Greater than 97% of MA plan enrollees should be pre-approved for inpatient hospital and nursing home stays, durable medical equipment, and medicines administered in doctors’ offices, Kaiser found. Ninety percent or more of MA plan enrollees require prior approval for diagnostic procedures and tests, diabetic supplies and services, non-emergency ambulance services, and residential health services, Kaiser found.
Transparency on Denial Rates
“Having a handle on how prior authorizations are working in plans and being more transparent about care denial rates across plans is vital for beneficiaries and for his or her decision making after they’re selecting plans,” Freed said.
While Medicare Advantage plans must cover all traditional Medicare Part A and Part B services, the plans can “apply internal coverage policies, including additional coverage requirements to raised define the necessity for the service, though these internal coverage policies can’t be more restrictive than traditional Medicare’s national and native coverage policies,” based on a press release from the CMS.
A 2018 report by the HHS Office of Inspector General found that MA plans overturned 75% of their very own prior authorization and payment denials when appealed by providers and beneficiaries between 2014 and 2016. But only one% of denials ever made it to the primary level of the appeals process over the identical period.
An HHS OIG study last month found that 13% of prior authorization requests denied by MA plans actually met Medicare coverage rules. These denials stemmed mainly from the plans’ use of clinical criteria not contained in Medicare coverage rules, and from not having enough documentation to support approvals, the report said.
Following recommendations from the OIG, the CMS plans to issue clarifying guidance on the suitable use of clinical criteria in such reviews, Brooks-LaSure wrote in response to the report. The CMS may also direct MA plans to “examine their manual review and system programming processes and address vulnerabilities which will lead to inappropriate denials,” Brooks-LaSure said.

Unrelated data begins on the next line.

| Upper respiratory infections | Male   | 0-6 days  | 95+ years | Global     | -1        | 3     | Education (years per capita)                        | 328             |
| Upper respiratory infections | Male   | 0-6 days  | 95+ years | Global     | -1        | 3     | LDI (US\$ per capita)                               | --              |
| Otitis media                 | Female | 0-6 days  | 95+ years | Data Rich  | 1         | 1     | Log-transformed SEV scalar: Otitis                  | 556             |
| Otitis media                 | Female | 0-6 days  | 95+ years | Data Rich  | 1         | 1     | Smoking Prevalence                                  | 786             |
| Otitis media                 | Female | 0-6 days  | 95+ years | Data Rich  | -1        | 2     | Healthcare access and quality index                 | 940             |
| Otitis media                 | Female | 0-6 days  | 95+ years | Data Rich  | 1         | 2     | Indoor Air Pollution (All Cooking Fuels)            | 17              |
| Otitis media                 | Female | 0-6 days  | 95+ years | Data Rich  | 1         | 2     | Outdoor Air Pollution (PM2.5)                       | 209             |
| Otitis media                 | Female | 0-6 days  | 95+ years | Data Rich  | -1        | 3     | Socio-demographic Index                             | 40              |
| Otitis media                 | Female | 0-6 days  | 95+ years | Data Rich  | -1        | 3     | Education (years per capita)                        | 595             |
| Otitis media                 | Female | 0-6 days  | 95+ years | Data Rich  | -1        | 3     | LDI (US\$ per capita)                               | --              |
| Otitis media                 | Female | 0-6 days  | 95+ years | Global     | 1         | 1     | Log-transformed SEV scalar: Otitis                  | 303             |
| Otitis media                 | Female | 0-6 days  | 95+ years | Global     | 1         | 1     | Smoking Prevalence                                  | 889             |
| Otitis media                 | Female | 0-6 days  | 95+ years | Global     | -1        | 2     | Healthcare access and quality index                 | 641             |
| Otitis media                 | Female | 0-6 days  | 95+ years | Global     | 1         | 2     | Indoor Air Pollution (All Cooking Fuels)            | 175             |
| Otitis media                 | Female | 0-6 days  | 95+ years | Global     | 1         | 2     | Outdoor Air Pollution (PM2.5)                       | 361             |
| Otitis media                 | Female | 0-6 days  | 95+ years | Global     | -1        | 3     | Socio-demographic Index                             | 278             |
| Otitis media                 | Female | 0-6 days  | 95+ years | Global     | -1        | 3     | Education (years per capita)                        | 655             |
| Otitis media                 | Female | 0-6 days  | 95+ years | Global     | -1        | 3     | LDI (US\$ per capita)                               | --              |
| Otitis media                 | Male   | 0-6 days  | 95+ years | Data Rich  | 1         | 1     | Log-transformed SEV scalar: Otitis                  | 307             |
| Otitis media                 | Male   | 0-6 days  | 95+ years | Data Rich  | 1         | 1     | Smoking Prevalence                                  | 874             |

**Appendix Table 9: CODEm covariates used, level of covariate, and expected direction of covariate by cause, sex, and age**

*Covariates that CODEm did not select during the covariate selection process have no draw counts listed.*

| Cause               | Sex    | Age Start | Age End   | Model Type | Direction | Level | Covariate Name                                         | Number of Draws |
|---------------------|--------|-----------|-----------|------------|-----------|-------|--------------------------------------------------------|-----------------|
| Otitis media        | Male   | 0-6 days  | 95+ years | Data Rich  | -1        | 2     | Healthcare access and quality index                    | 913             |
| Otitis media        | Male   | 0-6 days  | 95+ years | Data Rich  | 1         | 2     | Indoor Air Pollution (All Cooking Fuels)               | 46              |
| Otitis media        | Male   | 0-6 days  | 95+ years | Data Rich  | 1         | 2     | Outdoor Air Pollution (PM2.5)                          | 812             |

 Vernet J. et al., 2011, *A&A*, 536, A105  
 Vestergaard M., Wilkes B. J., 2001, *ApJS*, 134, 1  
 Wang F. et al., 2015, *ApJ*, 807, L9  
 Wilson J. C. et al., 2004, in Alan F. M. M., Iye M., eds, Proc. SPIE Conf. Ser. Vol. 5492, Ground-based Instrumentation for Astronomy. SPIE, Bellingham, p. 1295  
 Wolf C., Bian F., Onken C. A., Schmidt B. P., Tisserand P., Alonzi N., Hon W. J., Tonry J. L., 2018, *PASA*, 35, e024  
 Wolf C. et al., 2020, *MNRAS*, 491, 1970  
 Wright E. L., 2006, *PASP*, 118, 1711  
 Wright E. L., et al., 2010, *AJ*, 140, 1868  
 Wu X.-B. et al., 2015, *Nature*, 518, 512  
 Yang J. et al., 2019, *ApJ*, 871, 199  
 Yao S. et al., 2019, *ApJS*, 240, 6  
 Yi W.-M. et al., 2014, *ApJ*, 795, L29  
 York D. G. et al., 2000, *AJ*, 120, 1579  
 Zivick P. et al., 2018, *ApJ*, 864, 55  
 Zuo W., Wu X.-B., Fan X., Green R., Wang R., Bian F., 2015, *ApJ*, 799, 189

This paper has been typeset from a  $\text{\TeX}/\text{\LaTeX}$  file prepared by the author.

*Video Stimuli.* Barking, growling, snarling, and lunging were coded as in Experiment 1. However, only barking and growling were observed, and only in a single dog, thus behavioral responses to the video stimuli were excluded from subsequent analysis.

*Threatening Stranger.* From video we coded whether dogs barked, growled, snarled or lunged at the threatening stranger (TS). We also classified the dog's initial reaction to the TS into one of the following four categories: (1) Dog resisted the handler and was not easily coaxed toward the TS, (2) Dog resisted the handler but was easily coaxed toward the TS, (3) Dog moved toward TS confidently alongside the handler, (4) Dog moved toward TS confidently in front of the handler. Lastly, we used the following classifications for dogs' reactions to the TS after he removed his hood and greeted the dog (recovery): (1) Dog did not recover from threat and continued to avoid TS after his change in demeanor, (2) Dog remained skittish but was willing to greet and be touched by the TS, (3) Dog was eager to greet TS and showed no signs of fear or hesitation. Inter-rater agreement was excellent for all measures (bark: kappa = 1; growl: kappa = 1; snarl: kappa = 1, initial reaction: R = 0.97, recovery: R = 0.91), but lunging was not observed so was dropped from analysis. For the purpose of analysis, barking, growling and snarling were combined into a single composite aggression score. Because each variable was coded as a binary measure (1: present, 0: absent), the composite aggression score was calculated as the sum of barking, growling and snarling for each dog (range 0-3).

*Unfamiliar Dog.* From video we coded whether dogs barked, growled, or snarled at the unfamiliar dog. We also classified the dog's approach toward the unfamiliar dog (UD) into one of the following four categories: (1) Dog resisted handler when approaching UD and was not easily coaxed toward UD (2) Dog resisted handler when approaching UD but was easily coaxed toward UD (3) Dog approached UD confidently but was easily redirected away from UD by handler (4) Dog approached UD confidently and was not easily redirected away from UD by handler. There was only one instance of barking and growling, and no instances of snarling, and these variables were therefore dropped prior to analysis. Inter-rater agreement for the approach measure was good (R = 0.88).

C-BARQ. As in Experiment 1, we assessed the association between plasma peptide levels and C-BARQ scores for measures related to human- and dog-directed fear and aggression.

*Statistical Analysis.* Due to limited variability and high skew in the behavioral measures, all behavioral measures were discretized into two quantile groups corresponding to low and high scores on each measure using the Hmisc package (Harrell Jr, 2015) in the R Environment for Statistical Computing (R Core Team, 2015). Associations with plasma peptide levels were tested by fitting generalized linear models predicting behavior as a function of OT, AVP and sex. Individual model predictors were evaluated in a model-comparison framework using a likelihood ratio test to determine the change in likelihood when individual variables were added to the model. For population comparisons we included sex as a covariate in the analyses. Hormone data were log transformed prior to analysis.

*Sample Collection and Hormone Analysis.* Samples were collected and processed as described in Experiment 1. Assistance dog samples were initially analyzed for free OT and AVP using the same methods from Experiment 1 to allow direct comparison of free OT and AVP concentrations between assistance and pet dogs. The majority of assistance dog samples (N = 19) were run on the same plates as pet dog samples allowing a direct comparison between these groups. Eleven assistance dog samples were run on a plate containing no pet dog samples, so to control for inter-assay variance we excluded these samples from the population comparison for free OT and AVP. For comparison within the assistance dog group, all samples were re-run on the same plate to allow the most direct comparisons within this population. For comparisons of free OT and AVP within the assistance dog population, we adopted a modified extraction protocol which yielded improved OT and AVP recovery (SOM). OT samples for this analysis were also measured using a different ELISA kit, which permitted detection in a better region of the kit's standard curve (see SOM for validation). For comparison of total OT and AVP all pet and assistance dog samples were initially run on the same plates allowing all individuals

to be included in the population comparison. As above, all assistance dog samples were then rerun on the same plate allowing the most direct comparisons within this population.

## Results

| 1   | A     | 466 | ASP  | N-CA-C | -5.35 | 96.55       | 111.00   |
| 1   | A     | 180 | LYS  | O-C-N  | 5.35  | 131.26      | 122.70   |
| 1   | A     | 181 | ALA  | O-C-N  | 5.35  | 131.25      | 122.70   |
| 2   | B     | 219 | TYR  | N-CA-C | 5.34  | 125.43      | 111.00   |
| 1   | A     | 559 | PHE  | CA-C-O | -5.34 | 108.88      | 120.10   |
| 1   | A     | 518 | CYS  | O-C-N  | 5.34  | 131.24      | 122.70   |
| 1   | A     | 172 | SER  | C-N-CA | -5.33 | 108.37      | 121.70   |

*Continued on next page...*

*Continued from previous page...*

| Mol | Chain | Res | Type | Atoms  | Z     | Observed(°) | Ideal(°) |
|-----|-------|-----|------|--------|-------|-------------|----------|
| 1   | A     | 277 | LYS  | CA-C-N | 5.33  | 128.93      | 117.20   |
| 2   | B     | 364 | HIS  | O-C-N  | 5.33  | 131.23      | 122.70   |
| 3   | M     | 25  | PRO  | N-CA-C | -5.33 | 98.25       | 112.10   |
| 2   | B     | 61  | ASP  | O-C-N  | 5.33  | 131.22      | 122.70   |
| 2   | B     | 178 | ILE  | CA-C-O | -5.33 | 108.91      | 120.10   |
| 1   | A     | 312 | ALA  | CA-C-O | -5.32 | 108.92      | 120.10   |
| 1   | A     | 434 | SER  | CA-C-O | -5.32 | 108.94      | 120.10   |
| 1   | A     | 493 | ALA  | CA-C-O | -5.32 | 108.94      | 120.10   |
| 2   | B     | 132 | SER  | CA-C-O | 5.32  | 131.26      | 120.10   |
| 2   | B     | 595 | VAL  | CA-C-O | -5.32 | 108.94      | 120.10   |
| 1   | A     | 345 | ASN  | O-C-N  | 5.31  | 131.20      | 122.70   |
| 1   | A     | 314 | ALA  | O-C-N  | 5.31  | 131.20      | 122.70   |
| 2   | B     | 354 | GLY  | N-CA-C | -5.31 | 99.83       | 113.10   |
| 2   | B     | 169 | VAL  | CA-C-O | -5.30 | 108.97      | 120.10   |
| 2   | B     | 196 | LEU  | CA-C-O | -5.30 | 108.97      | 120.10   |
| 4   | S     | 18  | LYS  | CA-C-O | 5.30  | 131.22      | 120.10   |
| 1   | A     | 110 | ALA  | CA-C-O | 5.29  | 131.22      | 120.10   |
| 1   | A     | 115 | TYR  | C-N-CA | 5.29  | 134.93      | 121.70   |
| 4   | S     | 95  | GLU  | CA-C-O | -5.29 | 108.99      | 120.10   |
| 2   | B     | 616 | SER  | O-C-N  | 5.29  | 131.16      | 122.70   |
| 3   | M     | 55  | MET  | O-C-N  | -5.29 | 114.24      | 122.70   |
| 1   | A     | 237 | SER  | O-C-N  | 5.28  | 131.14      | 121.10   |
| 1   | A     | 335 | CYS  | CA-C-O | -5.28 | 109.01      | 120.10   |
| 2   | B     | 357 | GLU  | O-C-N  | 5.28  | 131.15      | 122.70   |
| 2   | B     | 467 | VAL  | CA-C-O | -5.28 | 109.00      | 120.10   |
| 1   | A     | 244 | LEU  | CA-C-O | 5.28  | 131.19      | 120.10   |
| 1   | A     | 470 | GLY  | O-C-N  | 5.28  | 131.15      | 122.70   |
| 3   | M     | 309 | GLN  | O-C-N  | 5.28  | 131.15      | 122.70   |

Transfers to Inpatient Rehab Facilities
In January, a CMS proposed rule (RIN: 0938-AU30) included a request for information on how MA plans’ use of prior authorization affects hospital transfers to post-acute care facilities during a public health emergency.
In a comment letter, the American Medical Rehabilitation Providers Association said that in the course of the Covid-19 Delta variant surge in August 2021, MA plans used prior authorization to disclaim 53% of greater than 12,000 requests for admissions to inpatient rehabilitation hospitals. The common wait time for a choice was greater than 2.5 days.
Beller, the association’s executive vice chairman of policy development and government relations, said the group wants the CMS to hunt authority to suspend the usage of prior authorization during future public health emergencies and impose a shorter response time for plans to make your mind up on requests to transfer patients to inpatient rehab facilities.
The association also wants the agency to make sure prior authorization decisions are made by staff with training and experience that meet CMS standards.
The American Hospital Association urged Brooks-LaSure to incorporate MA plans in a proposed rule (RIN: 0938-AT99) drafted by the outgoing Trump administration in December 2020 that may have regulated the usage of prior authorization by Medicaid managed care organizations.
The proposal was never implemented and a related final rule is on hold pending review, the CMS said.